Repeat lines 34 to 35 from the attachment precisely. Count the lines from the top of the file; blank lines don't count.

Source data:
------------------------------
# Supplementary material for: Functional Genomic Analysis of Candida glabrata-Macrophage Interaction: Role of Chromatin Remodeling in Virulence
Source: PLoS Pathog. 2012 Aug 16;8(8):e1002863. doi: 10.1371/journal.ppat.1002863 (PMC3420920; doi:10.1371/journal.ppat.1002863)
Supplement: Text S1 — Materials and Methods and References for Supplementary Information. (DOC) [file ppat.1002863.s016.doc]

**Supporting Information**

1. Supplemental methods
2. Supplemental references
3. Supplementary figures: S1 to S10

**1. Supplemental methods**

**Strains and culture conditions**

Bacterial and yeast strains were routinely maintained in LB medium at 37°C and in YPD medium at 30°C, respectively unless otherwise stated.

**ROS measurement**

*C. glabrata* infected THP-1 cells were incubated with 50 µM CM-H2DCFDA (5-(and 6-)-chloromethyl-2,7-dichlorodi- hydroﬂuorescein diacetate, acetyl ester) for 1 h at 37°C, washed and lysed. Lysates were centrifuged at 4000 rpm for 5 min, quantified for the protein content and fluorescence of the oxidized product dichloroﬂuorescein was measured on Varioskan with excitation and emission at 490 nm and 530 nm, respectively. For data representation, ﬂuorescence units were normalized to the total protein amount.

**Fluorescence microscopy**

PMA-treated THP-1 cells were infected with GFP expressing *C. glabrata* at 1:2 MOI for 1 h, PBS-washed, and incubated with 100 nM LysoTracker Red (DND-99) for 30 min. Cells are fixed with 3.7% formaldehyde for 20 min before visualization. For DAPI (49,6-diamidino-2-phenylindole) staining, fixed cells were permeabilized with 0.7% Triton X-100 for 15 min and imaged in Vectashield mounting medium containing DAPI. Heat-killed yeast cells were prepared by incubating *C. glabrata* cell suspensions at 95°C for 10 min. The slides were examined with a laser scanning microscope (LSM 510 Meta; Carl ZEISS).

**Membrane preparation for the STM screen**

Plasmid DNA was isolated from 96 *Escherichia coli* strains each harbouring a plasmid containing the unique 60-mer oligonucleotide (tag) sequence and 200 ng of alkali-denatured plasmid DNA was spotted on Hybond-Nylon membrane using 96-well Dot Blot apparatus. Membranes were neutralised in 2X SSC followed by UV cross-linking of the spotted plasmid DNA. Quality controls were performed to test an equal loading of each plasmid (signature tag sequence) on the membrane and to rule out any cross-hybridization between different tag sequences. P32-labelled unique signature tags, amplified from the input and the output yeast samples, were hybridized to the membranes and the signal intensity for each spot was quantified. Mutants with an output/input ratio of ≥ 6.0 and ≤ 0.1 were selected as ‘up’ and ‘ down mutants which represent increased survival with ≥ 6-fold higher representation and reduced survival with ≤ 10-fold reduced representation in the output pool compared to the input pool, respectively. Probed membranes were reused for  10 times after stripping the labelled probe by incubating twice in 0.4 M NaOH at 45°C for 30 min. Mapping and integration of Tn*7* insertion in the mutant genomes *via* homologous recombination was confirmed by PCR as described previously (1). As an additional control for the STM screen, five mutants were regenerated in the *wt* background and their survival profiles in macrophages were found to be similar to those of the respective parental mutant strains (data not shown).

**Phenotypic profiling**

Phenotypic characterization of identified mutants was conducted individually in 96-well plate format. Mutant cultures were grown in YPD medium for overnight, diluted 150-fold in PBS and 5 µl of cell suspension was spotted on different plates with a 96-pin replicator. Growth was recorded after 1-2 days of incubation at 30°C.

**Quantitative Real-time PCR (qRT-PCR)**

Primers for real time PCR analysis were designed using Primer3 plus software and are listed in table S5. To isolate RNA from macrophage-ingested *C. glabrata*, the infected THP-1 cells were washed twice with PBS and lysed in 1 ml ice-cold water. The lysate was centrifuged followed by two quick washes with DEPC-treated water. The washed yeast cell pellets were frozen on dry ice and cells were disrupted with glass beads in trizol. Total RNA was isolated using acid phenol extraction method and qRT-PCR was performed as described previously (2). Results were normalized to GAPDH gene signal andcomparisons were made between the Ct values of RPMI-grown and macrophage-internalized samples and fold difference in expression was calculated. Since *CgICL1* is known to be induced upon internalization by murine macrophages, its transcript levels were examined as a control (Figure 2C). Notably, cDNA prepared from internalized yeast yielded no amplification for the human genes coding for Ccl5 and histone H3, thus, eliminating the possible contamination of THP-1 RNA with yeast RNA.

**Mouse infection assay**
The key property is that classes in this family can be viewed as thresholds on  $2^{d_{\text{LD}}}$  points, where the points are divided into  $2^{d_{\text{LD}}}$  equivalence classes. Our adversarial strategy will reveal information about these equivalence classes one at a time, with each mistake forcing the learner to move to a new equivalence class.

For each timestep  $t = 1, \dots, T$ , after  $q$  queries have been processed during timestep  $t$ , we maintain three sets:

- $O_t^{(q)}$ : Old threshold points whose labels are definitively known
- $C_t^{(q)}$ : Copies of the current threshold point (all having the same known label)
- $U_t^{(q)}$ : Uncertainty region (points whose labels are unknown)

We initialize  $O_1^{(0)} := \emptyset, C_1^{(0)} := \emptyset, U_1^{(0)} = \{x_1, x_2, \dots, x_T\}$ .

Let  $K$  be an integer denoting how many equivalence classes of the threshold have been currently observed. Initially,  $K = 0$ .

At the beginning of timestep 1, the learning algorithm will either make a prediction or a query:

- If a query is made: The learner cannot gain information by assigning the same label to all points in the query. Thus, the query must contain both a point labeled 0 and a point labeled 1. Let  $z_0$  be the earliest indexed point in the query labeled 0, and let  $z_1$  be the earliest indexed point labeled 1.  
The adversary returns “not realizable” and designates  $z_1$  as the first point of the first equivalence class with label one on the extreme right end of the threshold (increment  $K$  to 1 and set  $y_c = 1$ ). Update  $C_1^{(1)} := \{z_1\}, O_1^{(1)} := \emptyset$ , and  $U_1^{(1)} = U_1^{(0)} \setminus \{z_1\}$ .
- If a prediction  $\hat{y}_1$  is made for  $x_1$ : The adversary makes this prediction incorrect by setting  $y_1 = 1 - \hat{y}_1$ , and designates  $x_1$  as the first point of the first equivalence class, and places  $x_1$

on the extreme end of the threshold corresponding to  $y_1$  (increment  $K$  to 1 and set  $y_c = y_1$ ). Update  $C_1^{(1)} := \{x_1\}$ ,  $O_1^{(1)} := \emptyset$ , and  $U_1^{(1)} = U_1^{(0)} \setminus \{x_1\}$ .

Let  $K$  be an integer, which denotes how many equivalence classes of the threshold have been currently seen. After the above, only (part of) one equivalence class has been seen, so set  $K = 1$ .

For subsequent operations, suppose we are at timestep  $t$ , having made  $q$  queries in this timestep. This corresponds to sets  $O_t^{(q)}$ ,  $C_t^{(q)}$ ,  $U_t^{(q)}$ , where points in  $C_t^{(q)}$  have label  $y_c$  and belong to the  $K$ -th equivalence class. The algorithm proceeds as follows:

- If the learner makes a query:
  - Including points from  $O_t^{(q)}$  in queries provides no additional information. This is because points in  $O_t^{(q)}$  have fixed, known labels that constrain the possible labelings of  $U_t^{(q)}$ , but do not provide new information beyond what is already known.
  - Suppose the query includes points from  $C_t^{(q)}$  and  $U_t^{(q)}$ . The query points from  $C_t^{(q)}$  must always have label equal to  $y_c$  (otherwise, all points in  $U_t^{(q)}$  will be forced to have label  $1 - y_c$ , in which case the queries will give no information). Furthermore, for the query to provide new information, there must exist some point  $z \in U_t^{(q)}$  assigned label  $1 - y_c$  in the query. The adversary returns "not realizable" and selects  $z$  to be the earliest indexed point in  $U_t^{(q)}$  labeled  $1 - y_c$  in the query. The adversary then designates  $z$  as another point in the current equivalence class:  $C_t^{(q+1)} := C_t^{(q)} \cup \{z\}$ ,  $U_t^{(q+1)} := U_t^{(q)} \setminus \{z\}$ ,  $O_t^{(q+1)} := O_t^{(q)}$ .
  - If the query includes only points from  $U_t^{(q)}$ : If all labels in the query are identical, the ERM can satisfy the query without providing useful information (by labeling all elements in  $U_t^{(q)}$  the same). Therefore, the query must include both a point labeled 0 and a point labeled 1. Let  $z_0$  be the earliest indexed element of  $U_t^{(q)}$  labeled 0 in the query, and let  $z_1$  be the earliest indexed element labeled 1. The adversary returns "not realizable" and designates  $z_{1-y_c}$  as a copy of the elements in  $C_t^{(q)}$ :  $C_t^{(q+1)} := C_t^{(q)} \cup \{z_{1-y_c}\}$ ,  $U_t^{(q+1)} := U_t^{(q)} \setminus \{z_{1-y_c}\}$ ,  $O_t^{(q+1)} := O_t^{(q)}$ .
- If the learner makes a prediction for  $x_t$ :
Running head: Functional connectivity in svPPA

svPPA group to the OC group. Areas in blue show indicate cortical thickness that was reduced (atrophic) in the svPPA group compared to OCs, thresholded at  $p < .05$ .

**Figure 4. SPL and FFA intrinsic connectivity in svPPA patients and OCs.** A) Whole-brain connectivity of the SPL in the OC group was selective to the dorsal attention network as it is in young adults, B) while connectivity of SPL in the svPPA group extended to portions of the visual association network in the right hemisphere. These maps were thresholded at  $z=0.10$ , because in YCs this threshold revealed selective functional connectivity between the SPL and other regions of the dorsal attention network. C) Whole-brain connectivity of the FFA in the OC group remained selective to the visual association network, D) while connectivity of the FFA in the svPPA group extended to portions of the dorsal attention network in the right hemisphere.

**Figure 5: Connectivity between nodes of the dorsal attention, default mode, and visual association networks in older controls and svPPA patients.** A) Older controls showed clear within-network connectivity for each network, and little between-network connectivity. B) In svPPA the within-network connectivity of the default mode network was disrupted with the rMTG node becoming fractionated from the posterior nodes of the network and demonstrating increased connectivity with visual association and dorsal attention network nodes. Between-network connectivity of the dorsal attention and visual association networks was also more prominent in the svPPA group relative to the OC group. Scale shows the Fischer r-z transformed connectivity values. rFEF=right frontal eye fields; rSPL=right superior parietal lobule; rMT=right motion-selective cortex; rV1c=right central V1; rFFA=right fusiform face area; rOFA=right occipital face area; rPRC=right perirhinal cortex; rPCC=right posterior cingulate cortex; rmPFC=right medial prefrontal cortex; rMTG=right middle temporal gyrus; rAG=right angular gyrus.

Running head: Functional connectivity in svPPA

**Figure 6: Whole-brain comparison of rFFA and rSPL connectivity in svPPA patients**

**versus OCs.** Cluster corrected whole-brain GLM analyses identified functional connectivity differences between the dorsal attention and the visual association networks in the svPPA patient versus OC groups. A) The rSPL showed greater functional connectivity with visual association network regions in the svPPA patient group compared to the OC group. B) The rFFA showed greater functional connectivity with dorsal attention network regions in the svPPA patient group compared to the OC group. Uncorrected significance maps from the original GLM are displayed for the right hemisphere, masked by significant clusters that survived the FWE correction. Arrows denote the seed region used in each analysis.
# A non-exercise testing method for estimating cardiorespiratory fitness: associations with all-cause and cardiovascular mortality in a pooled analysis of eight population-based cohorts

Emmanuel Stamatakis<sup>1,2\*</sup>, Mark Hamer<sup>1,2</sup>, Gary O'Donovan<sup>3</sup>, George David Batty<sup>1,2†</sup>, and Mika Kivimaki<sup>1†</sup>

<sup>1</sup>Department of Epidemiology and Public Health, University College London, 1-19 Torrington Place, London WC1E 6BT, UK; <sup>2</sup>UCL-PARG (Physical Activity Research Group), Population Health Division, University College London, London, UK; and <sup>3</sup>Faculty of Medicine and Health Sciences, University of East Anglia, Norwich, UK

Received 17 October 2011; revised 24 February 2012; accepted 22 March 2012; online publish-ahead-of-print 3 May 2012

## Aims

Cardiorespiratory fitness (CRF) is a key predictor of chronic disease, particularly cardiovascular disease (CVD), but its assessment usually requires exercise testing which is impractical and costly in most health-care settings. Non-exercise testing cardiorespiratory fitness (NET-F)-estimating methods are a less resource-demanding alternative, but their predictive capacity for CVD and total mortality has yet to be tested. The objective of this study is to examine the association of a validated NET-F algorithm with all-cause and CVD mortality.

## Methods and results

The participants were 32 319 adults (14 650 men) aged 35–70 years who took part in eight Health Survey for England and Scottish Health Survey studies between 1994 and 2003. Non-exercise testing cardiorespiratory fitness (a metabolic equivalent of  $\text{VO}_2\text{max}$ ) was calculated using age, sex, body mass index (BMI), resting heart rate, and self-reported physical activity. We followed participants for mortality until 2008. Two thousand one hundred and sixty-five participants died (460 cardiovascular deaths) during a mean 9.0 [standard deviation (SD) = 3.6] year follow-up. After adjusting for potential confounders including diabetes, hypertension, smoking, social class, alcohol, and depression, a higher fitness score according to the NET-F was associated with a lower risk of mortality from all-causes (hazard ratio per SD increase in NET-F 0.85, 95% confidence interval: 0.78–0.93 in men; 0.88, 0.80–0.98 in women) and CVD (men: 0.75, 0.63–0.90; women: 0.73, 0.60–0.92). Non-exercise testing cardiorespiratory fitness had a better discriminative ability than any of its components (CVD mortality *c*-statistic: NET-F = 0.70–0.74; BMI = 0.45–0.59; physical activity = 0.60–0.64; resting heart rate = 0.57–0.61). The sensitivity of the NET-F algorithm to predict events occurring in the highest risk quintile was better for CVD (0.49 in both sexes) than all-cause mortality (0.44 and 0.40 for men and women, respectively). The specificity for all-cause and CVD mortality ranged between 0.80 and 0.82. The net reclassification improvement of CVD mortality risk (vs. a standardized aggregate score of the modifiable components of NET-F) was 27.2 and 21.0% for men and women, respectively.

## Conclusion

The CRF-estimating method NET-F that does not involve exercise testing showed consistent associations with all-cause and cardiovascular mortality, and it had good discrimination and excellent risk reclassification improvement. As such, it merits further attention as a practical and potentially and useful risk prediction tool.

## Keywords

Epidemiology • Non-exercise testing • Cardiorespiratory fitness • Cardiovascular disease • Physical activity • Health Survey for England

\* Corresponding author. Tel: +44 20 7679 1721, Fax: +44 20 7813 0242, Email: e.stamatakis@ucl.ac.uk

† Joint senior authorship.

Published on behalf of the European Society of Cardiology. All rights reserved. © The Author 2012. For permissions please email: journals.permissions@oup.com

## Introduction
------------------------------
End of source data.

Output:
Let  $K$  be an integer, which denotes how many equivalence classes of the threshold have been currently seen. After the above, only (part of) one equivalence class has been seen, so set  $K = 1$ .

For subsequent operations, suppose we are at timestep  $t$ , having made  $q$  queries in this timestep. This corresponds to sets  $O_t^{(q)}$ ,  $C_t^{(q)}$ ,  $U_t^{(q)}$ , where points in  $C_t^{(q)}$  have label  $y_c$  and belong to the  $K$ -th equivalence class. The algorithm proceeds as follows: